Sunday, March 22, 2009

Diary of A Wimpy Kid + Visiting Your Local Library = Kids Off The Couch

Move over wizards and vampires, there's a wimpy kid sitting on top of the bestseller list. Part comic book, part graphic novel, the Diary of a Wimpy Kidseries by Jeff Kinney has wrangled reluctant readers and been found, dog-eared, on the nightstands of girls and boys alike. Why? It's just so darned funny! Kinney's main character Greg Heffley faces his very ordinary days at middle school with an attitude that kids find reassuring, but by telling the story through stick figures in his diary, this hapless nerdball wins our hearts. Got an annoying little brother? So does Greg. Think what your parents say is pretty ridiculous? Greg is right there with you, except that he knows how to spin it into a joke. We love any book that gets kids reading, so whether yours have locked onto a favorite character or are searching for the next good yarn, it's always helpful to drop in on a Public Library. Ours love to bring stacks home at a time, and the reluctant spender in us loves that borrowing costs only pennies -- except for those pesky late fees! So whether your kids go wimpy or find another character that speaks to them, here's hoping they get lost between the pages. Click here for more on author Jeff Kinney, who still works as a web-designer even though he's one of the country's bestselling authors.

1 comment:

Aaron Mead said...

While I agree that Diary of a Wimpy Kid is a funny book, I'm actually pretty worried about it as something that shapes the character of children. The central problem is that Kinney has us laughing at—and so wanting more of, and implicitly approving of—the mean things Heffley says and does, and his self-serving attitudes. The question is, should tweens—whose moral character is in relatively early stages of formation—be laughing at these things? My worry here is that the book just reinforces, and subtly leads us to approve of, a certain self-centered negativity that ought to be purged of pre-teens, not anchored all the more deeply via repeated and pleasurable reinforcement.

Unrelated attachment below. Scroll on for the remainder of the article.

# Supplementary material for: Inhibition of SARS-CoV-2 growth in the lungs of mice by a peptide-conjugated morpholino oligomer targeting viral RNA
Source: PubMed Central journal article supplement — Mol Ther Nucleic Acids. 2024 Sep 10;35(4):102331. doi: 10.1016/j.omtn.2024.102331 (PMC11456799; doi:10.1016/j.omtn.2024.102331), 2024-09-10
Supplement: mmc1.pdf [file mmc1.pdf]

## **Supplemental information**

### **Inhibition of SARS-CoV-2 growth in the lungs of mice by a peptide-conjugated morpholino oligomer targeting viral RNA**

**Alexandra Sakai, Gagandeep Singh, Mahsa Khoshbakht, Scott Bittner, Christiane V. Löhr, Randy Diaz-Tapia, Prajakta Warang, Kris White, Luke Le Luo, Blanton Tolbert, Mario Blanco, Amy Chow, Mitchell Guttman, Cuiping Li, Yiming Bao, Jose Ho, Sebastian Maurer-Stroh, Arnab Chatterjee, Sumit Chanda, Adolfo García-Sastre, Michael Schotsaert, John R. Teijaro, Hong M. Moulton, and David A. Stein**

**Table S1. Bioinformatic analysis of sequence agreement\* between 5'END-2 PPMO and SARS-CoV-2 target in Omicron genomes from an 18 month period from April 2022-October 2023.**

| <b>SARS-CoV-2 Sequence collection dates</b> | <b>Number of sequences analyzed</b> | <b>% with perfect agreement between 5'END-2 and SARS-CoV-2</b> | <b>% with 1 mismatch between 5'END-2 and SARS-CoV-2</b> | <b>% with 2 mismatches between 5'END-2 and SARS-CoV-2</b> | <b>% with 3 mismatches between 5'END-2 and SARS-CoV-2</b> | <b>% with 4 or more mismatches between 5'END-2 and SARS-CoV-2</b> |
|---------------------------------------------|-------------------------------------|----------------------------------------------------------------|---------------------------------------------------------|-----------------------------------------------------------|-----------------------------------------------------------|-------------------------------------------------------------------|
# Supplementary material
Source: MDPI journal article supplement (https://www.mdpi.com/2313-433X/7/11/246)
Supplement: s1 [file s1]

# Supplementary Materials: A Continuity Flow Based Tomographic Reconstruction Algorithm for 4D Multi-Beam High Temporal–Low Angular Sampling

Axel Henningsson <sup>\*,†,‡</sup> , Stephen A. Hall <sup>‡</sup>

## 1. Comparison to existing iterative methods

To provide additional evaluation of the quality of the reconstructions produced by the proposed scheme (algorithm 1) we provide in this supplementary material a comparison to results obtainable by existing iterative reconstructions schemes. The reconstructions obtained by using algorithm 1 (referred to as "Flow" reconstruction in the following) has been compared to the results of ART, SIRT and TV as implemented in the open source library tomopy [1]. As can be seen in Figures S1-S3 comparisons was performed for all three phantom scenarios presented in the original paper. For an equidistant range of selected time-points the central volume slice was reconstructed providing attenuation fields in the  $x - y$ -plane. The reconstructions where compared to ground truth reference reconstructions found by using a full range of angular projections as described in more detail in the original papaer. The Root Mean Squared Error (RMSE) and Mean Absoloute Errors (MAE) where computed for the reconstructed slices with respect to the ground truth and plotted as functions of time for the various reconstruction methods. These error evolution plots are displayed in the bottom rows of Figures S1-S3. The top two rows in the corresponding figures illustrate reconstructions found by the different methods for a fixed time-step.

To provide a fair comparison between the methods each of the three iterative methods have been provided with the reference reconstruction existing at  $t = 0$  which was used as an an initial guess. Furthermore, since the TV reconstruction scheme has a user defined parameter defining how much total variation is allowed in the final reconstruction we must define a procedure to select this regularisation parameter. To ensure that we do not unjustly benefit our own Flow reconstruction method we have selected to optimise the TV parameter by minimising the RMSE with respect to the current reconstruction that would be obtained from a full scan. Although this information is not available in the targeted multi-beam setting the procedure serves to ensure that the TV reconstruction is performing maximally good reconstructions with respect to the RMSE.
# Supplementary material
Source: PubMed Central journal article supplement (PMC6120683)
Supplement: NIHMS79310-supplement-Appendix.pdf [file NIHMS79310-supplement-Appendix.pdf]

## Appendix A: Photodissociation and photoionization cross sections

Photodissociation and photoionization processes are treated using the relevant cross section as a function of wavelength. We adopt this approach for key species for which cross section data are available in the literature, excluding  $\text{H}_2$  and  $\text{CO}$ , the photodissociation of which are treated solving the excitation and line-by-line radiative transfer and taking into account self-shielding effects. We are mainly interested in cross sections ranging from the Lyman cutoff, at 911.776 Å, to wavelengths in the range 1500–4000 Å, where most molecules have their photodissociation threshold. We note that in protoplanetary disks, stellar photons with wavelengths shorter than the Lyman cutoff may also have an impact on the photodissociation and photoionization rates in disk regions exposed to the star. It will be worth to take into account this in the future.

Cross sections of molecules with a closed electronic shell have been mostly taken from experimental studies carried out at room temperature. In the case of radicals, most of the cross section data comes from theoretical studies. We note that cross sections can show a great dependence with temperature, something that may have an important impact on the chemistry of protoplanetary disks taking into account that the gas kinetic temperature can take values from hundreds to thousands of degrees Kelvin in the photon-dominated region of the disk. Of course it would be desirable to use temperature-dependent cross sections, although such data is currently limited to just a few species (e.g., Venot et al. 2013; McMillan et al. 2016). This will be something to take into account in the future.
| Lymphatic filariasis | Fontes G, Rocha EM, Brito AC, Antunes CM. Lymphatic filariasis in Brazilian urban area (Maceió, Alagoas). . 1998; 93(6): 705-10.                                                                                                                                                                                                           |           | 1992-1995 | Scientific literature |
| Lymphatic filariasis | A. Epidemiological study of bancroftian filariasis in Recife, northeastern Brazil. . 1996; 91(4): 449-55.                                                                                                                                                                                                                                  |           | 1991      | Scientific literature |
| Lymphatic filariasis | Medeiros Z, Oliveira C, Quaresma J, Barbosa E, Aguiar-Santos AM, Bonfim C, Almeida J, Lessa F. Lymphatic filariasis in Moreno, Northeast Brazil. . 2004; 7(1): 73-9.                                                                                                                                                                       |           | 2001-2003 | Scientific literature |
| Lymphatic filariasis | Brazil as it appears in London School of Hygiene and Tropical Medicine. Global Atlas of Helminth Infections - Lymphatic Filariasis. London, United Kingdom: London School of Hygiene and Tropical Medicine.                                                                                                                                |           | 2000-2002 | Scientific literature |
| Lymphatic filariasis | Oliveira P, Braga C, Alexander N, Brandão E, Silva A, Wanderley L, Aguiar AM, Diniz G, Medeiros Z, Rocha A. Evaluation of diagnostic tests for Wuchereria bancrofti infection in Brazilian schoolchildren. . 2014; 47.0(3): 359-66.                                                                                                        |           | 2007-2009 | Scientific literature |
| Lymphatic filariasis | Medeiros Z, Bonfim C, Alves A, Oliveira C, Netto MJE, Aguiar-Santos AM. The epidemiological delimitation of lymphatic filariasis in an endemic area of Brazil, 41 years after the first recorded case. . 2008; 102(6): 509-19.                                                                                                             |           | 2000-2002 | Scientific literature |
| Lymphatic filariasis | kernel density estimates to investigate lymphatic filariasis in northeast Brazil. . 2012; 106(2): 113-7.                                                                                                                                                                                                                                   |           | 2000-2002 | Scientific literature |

Okay, okay, I hear the objections already: “Isn’t this just puritanical paranoia? What’s wrong with a little frivolous fun? Couldn’t the book just be like junk food, i.e., okay once in while but not as one’s steady diet?” Reply: there is nothing wrong with frivolous fun. The problem is, reading books like this isn’t frivolous fun. Think of it this way: as a parent, would you like your son to be best friends with Greg Heffley? My answer is clearly, “No.” Why? Because our friends influence who we become, the choices we make, the attitudes we take—in short, our character—and I do not want my kids to have Heffley’s character. And I don’t think it is a reach to say that the characters in books we enjoy become our friends for a season—and perhaps for a long and influential season if the book is one in a series. (Hence the disanalogy with junk food: if you buy this book for your kids, they will “eat” it all the time.) Indeed, I know people who have become more emotionally attached to fictional characters than they are to the real people in their lives. So, while it is funny, I think we also need to consider whether it is good for children.

Final objection: “This book can help non-readers—particularly boys—to become readers.” While I agree that non-readers may well read Diary of a Wimpy Kid, the question is, what exactly does that accomplish? I’m skeptical that such a book is going to help any child graduate to literature that is actually worth reading. By my lights, this book is no better than a funny but corrosive TV show in that respect (though it is considerably more creative than most TV shows). If we want to help non-readers to become readers—an extremely worthwhile goal—we need to do better than Diary of a Wimpy Kid.